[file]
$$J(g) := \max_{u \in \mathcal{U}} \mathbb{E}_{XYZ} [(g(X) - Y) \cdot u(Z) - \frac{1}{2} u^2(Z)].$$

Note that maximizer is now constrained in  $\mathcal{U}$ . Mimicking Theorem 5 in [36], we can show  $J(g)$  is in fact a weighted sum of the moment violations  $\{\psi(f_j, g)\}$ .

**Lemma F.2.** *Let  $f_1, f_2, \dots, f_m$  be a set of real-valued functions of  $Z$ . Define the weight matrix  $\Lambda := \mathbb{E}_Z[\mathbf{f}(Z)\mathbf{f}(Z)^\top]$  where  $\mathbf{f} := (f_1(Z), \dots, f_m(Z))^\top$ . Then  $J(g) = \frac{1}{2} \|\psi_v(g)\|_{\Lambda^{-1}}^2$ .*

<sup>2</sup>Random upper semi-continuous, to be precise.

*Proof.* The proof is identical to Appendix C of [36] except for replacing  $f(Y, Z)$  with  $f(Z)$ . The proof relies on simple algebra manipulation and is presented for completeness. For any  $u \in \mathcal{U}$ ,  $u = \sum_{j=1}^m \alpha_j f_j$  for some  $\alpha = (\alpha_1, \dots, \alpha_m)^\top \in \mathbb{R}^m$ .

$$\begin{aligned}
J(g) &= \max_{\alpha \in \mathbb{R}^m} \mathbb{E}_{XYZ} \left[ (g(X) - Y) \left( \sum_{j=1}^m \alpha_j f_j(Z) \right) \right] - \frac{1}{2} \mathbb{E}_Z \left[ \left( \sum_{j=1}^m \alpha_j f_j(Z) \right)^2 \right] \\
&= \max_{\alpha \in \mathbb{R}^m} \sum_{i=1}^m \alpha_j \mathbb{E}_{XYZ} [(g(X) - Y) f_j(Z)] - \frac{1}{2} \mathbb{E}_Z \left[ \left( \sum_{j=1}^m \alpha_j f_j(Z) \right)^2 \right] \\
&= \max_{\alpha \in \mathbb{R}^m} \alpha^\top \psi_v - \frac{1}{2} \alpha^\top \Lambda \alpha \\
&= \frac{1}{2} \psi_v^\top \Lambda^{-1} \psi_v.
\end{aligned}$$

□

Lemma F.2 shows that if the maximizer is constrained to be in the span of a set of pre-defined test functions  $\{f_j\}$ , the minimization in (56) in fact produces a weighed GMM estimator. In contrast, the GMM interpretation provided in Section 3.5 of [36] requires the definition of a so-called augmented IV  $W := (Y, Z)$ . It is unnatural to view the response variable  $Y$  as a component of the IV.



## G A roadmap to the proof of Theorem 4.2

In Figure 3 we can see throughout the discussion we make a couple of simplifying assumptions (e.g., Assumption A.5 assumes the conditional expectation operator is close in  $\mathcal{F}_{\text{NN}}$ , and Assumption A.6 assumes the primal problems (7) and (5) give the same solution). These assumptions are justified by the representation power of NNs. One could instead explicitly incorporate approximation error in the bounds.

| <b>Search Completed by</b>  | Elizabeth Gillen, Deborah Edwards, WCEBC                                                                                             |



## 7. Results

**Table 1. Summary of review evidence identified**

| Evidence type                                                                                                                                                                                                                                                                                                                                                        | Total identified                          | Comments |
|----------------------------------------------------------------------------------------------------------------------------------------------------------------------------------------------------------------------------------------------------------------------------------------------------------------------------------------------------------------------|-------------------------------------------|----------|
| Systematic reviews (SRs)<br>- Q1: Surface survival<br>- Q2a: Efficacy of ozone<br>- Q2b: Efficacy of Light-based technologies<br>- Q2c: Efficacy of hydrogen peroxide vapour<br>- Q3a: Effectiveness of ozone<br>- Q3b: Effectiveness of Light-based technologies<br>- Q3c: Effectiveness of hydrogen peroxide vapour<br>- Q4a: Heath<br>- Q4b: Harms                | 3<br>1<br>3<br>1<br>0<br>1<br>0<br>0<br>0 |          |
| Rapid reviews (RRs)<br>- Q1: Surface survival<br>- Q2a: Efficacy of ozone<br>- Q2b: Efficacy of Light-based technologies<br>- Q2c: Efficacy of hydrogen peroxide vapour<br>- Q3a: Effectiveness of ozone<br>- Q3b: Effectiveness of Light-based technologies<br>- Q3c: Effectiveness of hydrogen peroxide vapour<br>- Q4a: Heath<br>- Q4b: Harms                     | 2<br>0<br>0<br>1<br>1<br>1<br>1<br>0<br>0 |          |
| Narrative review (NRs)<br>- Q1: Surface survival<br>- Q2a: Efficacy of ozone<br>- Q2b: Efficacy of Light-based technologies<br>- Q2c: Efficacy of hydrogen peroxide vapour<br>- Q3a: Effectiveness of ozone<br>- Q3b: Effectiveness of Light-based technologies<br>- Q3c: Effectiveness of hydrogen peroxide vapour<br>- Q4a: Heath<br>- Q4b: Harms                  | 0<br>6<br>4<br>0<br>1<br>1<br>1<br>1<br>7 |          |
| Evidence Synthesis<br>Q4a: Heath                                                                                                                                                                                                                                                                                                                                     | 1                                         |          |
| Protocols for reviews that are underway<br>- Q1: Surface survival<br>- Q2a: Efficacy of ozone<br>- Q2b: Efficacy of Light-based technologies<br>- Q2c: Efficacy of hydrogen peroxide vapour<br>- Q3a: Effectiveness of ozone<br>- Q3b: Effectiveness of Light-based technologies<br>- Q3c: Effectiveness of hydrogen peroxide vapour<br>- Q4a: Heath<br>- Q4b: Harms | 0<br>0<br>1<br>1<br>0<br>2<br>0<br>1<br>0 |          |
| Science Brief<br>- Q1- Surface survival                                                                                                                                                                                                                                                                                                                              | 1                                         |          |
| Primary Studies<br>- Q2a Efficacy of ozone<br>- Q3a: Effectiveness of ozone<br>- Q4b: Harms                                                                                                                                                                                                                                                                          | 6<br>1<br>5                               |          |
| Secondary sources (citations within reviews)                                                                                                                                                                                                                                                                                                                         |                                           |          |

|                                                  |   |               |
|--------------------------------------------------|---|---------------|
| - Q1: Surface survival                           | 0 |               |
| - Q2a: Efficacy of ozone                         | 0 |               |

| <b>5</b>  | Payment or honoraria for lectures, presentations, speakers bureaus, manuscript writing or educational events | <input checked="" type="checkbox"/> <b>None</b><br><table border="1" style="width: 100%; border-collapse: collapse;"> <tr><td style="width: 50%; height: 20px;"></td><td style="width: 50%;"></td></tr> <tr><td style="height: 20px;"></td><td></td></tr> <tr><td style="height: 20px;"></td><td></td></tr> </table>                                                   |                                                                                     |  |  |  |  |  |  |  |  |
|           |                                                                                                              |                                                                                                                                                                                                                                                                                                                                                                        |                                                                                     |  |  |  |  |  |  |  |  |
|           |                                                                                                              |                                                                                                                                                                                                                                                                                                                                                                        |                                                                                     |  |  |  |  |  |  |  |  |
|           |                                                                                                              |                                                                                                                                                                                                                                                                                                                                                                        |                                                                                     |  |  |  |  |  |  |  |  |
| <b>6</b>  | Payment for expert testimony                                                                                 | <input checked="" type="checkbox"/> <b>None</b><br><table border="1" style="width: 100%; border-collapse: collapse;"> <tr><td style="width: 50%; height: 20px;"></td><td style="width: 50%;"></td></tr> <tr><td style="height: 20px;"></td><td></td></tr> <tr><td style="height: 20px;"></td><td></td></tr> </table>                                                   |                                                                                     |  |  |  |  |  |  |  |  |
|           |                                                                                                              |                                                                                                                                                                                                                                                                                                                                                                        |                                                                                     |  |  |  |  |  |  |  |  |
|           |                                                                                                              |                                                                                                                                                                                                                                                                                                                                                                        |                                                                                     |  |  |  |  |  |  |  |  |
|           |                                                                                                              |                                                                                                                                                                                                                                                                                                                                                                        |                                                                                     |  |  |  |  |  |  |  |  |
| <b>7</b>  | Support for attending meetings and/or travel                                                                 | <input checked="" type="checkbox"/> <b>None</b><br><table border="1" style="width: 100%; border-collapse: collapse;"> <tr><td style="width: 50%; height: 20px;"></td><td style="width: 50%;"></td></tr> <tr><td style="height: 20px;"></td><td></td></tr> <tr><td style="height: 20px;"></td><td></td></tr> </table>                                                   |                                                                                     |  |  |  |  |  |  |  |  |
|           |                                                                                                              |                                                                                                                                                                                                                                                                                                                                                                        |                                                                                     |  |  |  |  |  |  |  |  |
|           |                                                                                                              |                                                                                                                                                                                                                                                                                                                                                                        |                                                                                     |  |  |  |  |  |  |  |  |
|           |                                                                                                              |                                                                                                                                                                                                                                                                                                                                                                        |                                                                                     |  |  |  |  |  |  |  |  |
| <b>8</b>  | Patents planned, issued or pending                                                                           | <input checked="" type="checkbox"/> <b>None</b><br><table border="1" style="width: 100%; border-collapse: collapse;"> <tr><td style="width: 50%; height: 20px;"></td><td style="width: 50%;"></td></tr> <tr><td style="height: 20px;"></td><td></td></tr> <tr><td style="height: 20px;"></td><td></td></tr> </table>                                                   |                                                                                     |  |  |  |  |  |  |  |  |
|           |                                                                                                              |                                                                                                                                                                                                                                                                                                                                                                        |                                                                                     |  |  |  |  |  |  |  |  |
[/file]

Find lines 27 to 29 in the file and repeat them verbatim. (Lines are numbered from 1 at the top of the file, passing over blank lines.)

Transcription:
| Primary Studies<br>- Q2a Efficacy of ozone<br>- Q3a: Effectiveness of ozone<br>- Q4b: Harms                                                                                                                                                                                                                                                                          | 6<br>1<br>5                               |          |
| Secondary sources (citations within reviews)                                                                                                                                                                                                                                                                                                                         |                                           |          |

|                                                  |   |               |